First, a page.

Lions Play Dirty 

Are Suh, Fairley, Young and Ansah Detroit's new 'Bad Boys?'

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You may recall a less-than-stellar nickname earned by the Detroit Pistons team circa late ’80s-early ’90s : the “Bad Boys.” They played hard, ferocious — and pretty dirty — defense. The one who really comes to mind from that era is Bill Laimbeer, who may have been the baddest of the bad. He had no fear and not much of a conscience when he was on the court — and he used those traits to succeed.

What made the Bad Boys so unique was that they won championships. Not once but twice (’89 and ’90). If you were a Pistons fan, you loved their dirty style of play and the success that came with it. They seemed to almost epitomize the city they played for. Everybody else … well, they hated the Bad Boys, even if they respected their ability to bring home the ‘W’.

Which brings us to our current topic: Does the current Detroit Lions’ defensive line — Ndamukong Suh, Nick Fairley, Willie Young and Ezekiel Ansah — constitute Detroit’s newest “Bad Boys”? There’s no doubt that they have quite the reputation.

This has been an ongoing point of contention for a while — usually built around something stupid that Suh did during a game — but became even more relevant last week, after Green Bay Packers offensive lineman Josh Sitton made some comments during a radio interview in Milwaukee leading up the Thanksgiving Day rout that was the Lions-Packers game.

“They go after quarterbacks, their entire defense takes cheap shots all the time,” Sitton said. “That’s what they do. That’s who they are. They’re a bunch of dirtbags or scumbags. That’s just how they play. That’s how they’re coached.”

The reason the Pistons’ reputation was accepted back then stemmed from their success. If they hadn’t won two championships, they would’ve just been “those dirty players that play that way because they can’t win.” The Lions’ defense (specifically the linemen) appears to have a similar reputation, but not similar success.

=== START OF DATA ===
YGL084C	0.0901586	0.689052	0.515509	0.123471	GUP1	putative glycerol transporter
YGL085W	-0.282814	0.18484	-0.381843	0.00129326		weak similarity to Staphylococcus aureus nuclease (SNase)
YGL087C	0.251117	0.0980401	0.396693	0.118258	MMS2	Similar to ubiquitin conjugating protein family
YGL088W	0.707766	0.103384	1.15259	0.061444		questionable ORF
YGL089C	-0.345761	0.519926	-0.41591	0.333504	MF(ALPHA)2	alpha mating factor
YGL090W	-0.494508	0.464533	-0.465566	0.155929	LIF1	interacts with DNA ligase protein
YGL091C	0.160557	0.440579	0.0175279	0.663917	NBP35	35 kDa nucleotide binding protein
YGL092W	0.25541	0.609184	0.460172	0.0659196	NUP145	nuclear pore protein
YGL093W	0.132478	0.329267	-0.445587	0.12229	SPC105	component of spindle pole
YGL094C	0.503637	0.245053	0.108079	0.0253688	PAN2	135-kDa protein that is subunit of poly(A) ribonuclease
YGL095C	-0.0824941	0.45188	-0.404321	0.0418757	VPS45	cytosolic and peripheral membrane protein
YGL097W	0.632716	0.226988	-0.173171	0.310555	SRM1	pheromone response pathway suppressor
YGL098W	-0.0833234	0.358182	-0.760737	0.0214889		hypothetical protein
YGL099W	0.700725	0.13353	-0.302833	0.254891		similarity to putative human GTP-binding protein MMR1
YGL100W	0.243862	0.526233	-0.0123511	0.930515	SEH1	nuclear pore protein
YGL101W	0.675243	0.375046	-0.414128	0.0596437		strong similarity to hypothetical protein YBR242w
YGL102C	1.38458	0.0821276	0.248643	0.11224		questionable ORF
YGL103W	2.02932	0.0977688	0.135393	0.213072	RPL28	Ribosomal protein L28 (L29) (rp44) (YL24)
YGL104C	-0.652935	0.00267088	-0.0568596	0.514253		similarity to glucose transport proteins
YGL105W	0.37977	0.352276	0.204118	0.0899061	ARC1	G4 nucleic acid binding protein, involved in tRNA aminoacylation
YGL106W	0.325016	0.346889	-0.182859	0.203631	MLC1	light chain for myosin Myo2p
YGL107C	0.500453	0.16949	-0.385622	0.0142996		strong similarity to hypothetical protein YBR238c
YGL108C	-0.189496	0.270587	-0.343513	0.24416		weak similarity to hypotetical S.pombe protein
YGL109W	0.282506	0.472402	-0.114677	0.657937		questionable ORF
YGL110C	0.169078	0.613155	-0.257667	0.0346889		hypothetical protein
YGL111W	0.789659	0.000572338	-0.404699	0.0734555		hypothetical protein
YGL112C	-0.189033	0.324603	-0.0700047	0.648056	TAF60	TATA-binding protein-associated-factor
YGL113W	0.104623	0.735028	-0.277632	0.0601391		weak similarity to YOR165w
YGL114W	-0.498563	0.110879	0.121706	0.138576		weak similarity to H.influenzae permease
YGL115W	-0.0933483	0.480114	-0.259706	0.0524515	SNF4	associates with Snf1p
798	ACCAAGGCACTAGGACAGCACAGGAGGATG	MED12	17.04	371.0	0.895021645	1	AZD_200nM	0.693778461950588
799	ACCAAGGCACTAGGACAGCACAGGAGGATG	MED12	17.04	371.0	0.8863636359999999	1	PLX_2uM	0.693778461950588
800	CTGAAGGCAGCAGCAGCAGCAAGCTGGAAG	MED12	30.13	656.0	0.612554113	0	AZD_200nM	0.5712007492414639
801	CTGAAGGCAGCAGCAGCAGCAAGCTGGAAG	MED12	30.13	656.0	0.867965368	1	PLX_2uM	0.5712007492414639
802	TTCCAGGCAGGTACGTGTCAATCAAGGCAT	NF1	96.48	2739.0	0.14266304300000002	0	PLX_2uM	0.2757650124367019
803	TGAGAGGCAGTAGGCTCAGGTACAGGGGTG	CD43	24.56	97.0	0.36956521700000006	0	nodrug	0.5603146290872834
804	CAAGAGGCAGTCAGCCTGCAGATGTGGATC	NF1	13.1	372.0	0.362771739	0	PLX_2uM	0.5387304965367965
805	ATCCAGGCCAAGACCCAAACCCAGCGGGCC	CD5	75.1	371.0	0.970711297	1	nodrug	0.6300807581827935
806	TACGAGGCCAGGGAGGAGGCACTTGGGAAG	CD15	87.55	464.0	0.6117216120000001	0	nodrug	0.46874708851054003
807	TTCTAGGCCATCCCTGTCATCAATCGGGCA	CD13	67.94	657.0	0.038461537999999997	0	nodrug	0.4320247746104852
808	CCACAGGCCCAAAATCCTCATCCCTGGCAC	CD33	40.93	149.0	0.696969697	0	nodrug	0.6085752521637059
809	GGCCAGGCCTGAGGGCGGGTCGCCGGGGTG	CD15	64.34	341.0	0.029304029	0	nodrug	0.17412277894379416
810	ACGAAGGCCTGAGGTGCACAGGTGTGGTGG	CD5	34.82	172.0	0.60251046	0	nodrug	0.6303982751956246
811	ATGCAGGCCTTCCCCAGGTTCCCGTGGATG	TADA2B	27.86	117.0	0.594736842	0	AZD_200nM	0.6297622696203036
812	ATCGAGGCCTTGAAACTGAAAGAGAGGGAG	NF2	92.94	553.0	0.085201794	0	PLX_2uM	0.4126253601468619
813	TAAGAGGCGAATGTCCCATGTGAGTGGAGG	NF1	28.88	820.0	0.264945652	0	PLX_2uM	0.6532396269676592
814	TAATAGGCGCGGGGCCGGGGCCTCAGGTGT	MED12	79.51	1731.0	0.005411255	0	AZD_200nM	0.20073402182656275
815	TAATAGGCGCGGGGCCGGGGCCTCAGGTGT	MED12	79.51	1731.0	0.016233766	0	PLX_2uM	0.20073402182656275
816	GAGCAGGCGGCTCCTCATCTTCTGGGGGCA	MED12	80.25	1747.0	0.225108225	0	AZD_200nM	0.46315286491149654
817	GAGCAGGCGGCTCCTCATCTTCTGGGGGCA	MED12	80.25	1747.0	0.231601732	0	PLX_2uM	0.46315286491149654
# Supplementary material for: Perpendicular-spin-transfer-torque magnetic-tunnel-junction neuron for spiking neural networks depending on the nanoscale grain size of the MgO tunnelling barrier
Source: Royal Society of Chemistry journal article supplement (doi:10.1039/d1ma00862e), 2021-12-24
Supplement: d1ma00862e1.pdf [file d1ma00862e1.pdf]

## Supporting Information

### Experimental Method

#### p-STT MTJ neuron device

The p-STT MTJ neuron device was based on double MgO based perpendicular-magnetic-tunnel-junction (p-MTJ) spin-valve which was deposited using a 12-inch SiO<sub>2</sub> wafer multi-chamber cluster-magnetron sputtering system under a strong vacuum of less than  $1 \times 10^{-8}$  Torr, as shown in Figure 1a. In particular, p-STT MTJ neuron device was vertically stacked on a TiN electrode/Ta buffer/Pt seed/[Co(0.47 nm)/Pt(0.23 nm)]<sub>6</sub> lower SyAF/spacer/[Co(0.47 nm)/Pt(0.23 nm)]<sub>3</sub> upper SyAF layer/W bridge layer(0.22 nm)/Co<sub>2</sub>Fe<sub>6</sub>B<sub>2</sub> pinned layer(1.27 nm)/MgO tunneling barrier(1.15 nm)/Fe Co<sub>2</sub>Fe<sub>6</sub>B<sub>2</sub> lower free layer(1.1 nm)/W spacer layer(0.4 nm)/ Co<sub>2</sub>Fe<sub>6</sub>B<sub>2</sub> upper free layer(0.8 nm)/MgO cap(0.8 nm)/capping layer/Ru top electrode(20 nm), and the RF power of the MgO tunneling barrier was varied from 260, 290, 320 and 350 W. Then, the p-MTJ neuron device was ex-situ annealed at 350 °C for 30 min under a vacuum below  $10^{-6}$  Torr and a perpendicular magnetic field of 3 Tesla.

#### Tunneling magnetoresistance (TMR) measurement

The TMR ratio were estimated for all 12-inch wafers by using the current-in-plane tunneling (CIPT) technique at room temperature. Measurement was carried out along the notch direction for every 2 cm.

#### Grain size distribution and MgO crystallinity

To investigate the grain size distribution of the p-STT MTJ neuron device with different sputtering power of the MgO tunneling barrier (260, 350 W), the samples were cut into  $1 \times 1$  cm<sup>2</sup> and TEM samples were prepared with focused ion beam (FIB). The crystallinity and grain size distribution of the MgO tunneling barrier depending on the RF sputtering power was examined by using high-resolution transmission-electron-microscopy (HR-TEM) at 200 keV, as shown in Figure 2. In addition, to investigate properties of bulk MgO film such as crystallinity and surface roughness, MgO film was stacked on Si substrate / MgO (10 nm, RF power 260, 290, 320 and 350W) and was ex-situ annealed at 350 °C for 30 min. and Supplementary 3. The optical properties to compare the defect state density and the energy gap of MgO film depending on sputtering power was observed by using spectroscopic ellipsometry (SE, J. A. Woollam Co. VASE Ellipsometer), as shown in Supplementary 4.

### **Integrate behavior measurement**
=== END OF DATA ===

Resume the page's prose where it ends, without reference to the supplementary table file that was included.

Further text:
Not only did Suh claim the title of “the league’s most hated player” a few years ago, he’s also garnered more than his fair share of fines. And as the league has become “safer,” the political way of saying softer, the Lions’ d-line has built a reputation for being dirty — not in a good way, or a way that wins games — evidenced by Sitton’s comments.

Although the run defense and d-line have played relatively well this season, being on the national stage on Thanksgiving Day seemed like it would be just one more way for the Lions’ “Bad Boys” to do what they normally do: take stupid penalties and embarrass themselves and the team.

But they did exactly the opposite. The front four dominated the game from start to finish and without anybody getting embarrassed — well, besides Packers’ quarterback Matt Flynn.

The Lions tallied seven sacks en route to allowing Green Bay a measly 126 yards of total offense. The culmination of this defensive performance came in the third quarter with the Packers backed up to their own end zone. Suh manhandled two Green Bay linemen into the backfield and gently sacked Flynn (“gently” being the key word here).

While the defensive performance was a team effort, there’s no doubt the front four were the impetus behind it. It’s tough to get your offense going when there are four semi-truck-sized players bamboozling their way into the thick of things on every play.

The fact remains that, unless the Lions accomplish something big, these “Bad Boys” will remain just dirty. But maybe with Suh leading the pack, they can do it this year. As all cynical Lions fans agree, they probably won’t, but at 7-5 there’s a glimmer of hope.

The “dirtbag” scandal got a little funnier when defensive end Willie Young tweeted, “Great performance by the scumbag unit I’d say…Lol,” following the Lions’ victory. It really was a fitting statement. Bill Laimbeer and the other original “Bad Boys” were a great unit — even if a lot of people probably considered them the scumbag unit. The Lions’ defensive line has too many similarities to those Pistons teams to go unnoticed.

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More by Michael Laurila

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